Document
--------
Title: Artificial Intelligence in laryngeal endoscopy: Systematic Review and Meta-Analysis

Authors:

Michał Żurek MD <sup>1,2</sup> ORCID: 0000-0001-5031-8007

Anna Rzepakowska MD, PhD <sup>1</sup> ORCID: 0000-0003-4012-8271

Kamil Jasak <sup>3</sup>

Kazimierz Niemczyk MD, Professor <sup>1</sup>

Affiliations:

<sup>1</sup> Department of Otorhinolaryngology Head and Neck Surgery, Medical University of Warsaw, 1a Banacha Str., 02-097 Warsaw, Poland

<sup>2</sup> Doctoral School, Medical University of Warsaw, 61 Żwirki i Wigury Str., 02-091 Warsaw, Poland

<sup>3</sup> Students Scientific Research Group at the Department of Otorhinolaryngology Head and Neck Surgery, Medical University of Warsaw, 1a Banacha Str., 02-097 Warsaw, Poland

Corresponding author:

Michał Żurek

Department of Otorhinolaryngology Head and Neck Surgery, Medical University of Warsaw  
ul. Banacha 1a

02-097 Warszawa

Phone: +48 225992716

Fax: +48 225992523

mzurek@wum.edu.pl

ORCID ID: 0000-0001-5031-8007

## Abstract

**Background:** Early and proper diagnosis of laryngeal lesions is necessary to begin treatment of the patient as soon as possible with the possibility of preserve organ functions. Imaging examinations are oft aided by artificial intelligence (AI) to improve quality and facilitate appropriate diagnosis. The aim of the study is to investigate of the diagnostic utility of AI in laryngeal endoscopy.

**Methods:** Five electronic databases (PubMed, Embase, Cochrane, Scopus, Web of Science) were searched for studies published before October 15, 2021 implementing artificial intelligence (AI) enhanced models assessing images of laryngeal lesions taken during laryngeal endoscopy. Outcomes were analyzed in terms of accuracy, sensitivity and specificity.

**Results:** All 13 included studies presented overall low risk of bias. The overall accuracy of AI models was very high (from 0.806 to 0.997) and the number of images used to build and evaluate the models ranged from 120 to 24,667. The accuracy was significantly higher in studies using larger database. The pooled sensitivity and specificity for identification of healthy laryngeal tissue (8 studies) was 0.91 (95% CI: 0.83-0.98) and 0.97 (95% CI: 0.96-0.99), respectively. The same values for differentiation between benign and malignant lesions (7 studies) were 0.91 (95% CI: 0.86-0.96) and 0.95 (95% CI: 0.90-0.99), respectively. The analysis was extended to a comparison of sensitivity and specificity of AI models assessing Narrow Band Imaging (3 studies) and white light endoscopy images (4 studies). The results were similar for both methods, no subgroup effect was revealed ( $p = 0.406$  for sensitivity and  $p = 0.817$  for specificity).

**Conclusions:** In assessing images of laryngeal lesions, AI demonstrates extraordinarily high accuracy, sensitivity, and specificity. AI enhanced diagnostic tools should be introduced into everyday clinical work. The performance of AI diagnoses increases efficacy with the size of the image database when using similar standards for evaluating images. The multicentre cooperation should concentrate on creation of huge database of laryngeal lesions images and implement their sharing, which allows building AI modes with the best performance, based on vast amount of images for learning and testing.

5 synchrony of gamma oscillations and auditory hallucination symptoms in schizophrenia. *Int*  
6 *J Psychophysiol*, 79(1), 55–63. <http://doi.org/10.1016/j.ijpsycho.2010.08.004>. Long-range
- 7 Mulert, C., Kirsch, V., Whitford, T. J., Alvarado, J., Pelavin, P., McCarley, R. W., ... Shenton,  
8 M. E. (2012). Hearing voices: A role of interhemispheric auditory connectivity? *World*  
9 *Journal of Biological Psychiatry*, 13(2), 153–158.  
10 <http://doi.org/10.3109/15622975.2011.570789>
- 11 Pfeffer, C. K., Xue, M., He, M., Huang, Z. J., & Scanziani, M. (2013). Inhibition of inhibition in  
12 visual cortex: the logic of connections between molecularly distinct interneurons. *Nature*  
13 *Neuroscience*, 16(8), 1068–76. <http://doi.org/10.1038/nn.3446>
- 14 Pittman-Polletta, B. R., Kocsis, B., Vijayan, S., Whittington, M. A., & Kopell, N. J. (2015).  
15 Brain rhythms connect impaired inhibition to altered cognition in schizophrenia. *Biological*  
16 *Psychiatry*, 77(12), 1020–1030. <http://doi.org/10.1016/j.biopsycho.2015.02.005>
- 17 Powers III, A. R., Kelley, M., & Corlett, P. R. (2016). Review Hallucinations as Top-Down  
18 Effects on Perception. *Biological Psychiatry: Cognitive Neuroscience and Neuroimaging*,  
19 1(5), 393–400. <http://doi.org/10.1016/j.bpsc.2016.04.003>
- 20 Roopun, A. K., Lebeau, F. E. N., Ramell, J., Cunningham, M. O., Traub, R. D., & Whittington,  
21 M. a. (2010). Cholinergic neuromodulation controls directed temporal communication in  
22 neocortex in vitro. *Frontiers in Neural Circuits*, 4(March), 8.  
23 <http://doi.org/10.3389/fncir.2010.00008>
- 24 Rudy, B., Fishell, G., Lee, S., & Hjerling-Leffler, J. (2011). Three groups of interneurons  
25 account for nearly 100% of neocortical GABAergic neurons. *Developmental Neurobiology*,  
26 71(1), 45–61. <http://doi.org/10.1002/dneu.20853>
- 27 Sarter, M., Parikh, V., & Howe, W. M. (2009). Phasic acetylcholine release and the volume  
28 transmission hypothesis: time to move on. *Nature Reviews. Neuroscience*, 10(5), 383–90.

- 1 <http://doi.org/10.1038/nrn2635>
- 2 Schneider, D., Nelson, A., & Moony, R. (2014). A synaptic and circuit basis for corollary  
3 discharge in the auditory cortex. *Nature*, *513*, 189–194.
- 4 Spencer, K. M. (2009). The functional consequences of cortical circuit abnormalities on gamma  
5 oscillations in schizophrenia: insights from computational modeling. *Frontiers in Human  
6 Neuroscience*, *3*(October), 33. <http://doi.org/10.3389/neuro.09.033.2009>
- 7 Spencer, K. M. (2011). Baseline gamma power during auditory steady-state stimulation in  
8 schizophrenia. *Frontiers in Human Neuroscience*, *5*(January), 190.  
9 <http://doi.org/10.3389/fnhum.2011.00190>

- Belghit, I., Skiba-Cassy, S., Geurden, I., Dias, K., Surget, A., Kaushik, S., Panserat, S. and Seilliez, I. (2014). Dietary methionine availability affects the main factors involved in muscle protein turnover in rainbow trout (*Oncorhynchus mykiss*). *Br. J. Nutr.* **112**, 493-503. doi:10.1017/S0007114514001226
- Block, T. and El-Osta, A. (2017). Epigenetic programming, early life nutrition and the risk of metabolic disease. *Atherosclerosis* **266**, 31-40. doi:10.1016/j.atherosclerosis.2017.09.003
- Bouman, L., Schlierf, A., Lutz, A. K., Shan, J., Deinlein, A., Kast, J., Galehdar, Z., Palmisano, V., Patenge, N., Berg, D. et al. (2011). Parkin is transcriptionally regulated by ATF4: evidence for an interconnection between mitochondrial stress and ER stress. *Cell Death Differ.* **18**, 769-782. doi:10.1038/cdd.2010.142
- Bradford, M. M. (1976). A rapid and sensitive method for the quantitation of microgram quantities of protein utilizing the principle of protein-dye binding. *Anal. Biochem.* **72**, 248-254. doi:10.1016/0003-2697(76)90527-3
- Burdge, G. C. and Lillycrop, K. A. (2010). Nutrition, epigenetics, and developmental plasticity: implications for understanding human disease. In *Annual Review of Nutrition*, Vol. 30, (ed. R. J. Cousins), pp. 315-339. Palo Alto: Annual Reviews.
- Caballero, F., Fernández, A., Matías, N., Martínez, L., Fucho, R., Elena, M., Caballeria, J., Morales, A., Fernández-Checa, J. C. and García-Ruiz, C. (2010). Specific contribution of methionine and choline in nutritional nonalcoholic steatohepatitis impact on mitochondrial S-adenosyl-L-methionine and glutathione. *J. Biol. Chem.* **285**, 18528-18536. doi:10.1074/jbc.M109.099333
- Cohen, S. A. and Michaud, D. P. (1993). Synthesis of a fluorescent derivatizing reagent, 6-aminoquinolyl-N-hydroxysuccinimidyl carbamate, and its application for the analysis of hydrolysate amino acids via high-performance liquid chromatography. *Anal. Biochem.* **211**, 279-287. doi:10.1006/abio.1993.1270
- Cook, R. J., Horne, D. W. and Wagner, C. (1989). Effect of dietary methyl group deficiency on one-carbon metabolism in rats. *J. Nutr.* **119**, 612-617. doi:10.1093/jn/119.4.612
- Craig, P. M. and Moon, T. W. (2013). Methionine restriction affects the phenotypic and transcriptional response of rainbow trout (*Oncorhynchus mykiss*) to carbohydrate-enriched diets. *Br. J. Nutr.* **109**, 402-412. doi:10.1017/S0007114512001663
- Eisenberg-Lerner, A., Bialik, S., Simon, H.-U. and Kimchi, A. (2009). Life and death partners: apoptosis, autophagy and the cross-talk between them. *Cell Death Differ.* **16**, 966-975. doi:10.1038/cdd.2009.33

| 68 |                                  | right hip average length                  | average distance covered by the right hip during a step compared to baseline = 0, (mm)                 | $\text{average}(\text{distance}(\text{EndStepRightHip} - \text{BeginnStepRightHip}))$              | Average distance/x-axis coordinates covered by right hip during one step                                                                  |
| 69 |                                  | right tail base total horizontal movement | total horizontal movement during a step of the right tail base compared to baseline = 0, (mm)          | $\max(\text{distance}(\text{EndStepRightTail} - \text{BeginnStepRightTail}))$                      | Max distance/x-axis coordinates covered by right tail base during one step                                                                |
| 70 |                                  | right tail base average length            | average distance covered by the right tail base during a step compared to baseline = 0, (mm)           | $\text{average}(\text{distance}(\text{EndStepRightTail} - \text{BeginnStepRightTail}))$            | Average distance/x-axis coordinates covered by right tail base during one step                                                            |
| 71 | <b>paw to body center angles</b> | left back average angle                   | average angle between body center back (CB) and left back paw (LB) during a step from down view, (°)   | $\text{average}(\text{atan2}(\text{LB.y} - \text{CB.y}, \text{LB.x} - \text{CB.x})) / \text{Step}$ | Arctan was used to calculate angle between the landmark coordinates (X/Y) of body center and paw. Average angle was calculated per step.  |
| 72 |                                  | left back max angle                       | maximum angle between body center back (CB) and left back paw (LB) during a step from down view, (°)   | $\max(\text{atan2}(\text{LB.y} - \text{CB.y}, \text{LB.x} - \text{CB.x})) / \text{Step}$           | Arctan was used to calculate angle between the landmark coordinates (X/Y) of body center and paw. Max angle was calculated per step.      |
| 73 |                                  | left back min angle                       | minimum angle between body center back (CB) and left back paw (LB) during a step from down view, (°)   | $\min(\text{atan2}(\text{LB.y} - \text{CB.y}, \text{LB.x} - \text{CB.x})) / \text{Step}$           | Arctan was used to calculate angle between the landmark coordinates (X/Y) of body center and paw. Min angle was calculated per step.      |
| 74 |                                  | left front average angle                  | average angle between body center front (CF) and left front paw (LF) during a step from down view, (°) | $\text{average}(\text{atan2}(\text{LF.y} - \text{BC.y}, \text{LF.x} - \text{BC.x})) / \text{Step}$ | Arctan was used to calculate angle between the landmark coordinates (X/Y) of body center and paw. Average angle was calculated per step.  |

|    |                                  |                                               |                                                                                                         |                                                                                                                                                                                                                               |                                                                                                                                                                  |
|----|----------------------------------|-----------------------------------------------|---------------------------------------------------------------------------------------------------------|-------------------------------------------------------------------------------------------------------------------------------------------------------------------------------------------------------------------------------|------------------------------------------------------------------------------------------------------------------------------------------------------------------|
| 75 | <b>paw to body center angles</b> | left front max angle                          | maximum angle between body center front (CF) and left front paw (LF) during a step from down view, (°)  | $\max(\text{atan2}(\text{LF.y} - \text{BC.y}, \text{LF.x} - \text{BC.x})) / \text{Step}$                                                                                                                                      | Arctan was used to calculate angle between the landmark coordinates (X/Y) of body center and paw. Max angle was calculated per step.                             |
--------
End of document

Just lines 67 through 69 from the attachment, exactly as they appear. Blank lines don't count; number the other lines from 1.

- Eisenberg-Lerner, A., Bialik, S., Simon, H.-U. and Kimchi, A. (2009). Life and death partners: apoptosis, autophagy and the cross-talk between them. *Cell Death Differ.* **16**, 966-975. doi:10.1038/cdd.2009.33

| 68 |                                  | right hip average length                  | average distance covered by the right hip during a step compared to baseline = 0, (mm)                 | $\text{average}(\text{distance}(\text{EndStepRightHip} - \text{BeginnStepRightHip}))$              | Average distance/x-axis coordinates covered by right hip during one step                                                                  |
| 69 |                                  | right tail base total horizontal movement | total horizontal movement during a step of the right tail base compared to baseline = 0, (mm)          | $\max(\text{distance}(\text{EndStepRightTail} - \text{BeginnStepRightTail}))$                      | Max distance/x-axis coordinates covered by right tail base during one step                                                                |